The franchise had a reputation for progressive storytelling. It’s time to reclaim the mantle.
It was recently announced that a new Star Trek show was in development, which ignited the hearts of the franchise’s fans who have been sitting through a drought of new material since Star Trek: Enterprise went off the air in 2005. While we have our own ideas about how the new Star Trek show should be approached on a creative level, we can’t help but come to another conclusion:
The new series’ lead character should be gay.
Why do you believe the captain should be gay?
Star Trek is all about breaking down the barriers of society in an effort to bring us together in favor of a vision that transcends current cultural boundaries. When Gene Roddenberry envisioned the United Federation of Planets, he saw a place where every race, religion, and sexual orientation was accepted without question. After all, it’s no accident the command crew of the original Enterprise was multicultural – an edict that every Trek series since has followed.
In fact, when Star Trek was at the height of its popularity in the 1990s the producers made sure to make the leads of Deep Space Nine and Voyager a black man and a woman. Unfortunately, Star Trek: Enterprise went with another white male as its lead in an attempt to associate itself with the heyday of Captain Kirk. While Scott Bakula is a tremendous actor who was great as Captain Archer… it kind of felt like a step back, especially when Edward James Olmos and Mary McDonnell were leading the cast of the new Battlestar Galactica. When the 2009 Trek reboot chose to focus on Kirk again, in many ways it was an even bigger step back.
But despite the later missteps of the franchise, it always kept its progressive reputation as a whole. However, even with a laudable diversity among the franchise’s leads they all had one thing in common:
They were all straight.
Why is it important the next Starfleet captain be gay?
The franchise, in addition to promoting diversity, has always been pushing the boundaries of the current social and political climate with its stories. In 1968, The Original Series episode “Plato’s Stepchildren” featured the first televised interracial kiss between William Shatner and Nichelle Nichols. Almost 30 years later, Star Trek: Deep Space Nine had an episode that featured the fifth televised lesbian kiss in a decade that took place when the Gay Rights movement was gaining more exposure than ever before.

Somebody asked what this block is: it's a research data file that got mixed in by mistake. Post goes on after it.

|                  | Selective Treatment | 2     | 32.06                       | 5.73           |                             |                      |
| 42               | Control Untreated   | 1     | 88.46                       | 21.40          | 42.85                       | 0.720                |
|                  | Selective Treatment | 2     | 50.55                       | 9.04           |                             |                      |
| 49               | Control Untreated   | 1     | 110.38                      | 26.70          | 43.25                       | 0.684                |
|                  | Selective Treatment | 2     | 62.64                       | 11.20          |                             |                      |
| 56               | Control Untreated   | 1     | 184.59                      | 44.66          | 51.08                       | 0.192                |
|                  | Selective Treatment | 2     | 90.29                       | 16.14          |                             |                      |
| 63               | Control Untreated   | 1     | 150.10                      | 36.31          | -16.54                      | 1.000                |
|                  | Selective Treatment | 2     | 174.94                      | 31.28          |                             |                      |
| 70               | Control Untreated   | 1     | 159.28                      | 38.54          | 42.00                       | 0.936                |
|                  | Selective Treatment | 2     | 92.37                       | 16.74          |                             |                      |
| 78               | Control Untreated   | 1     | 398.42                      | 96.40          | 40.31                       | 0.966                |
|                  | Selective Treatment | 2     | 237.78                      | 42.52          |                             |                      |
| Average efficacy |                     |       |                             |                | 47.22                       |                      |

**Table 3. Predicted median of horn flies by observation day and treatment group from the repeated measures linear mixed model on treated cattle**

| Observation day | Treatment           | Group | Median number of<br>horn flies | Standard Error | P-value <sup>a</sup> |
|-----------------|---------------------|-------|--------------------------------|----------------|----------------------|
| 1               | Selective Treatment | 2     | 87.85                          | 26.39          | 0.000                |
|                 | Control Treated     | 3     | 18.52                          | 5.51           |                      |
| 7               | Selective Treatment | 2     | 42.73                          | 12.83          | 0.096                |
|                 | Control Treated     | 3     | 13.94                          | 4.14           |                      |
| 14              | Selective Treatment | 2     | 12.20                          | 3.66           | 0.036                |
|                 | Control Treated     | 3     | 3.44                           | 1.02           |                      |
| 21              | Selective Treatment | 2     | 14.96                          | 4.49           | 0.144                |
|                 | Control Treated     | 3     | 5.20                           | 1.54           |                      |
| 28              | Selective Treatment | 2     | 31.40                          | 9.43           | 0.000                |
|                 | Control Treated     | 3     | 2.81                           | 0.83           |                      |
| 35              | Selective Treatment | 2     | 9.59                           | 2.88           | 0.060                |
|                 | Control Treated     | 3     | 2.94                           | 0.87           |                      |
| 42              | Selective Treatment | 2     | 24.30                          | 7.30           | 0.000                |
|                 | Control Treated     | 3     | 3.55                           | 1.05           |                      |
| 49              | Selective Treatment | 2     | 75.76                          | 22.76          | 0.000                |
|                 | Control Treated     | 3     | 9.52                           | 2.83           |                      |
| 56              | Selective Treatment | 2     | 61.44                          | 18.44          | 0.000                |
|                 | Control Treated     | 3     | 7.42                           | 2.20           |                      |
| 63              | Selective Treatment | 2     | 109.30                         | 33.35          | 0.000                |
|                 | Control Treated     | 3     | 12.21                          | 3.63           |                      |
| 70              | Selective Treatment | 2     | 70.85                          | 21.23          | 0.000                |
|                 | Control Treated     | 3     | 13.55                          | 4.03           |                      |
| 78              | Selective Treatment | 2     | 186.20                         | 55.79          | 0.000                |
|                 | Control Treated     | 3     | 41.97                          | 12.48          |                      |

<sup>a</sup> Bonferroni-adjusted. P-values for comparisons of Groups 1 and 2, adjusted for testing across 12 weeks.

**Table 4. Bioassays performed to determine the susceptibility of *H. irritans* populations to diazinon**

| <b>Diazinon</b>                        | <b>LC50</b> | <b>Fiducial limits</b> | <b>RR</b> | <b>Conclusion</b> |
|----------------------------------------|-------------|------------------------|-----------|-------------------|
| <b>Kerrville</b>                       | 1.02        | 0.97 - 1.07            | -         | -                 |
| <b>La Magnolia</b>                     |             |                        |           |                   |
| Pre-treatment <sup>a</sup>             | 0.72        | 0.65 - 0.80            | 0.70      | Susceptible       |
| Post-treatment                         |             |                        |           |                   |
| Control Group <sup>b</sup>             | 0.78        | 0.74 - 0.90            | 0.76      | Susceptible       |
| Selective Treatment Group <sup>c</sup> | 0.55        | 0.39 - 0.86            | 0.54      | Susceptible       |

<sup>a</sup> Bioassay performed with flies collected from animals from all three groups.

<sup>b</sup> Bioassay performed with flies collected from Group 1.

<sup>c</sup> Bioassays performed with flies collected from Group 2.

Despite all the progress we’ve made, there are many hot button topics that still remain such as gays serving in the military. What better way to combat the fears and stereotypes than having a major TV show that features a capable, confident, and respected high ranking member in what is essentially a space military who just happens to be gay?
How could it be done well?
The same way Benjamin Sisko and (for the most part) Kathryn Janeway were written. Sisko’s most defining traits were his cunning, that he was a single father, and the fact he was an amazing chef. Janeway was defined by her insatiable curiosity and her guilt about getting her crew stranded far from home. Outside of some very rare exceptions, Sisko and Janeway were never the black and woman captains: they were the captain who won the Dominion War and the captain made the impossible journey home in the same way Kirk was an explorer, Picard was a diplomat, and Archer helped found the Federation.
We don’t care if the next captain is a man or a woman (though it would be great to see another woman captain), but it’s time Star Trek gave audiences another role model who can navigate ethical crises, think through moral dilemmas, win space battles, and accomplish the impossible on a weekly basis… and also just happens to be gay.
As we said in our previous article, it’s important that this new show embrace the spirit of Star Trek. This is just another way of doing that, but also a way of bringing that spirit into the modern era in a conduct that both timely and ageless in the way only Star Trek can be.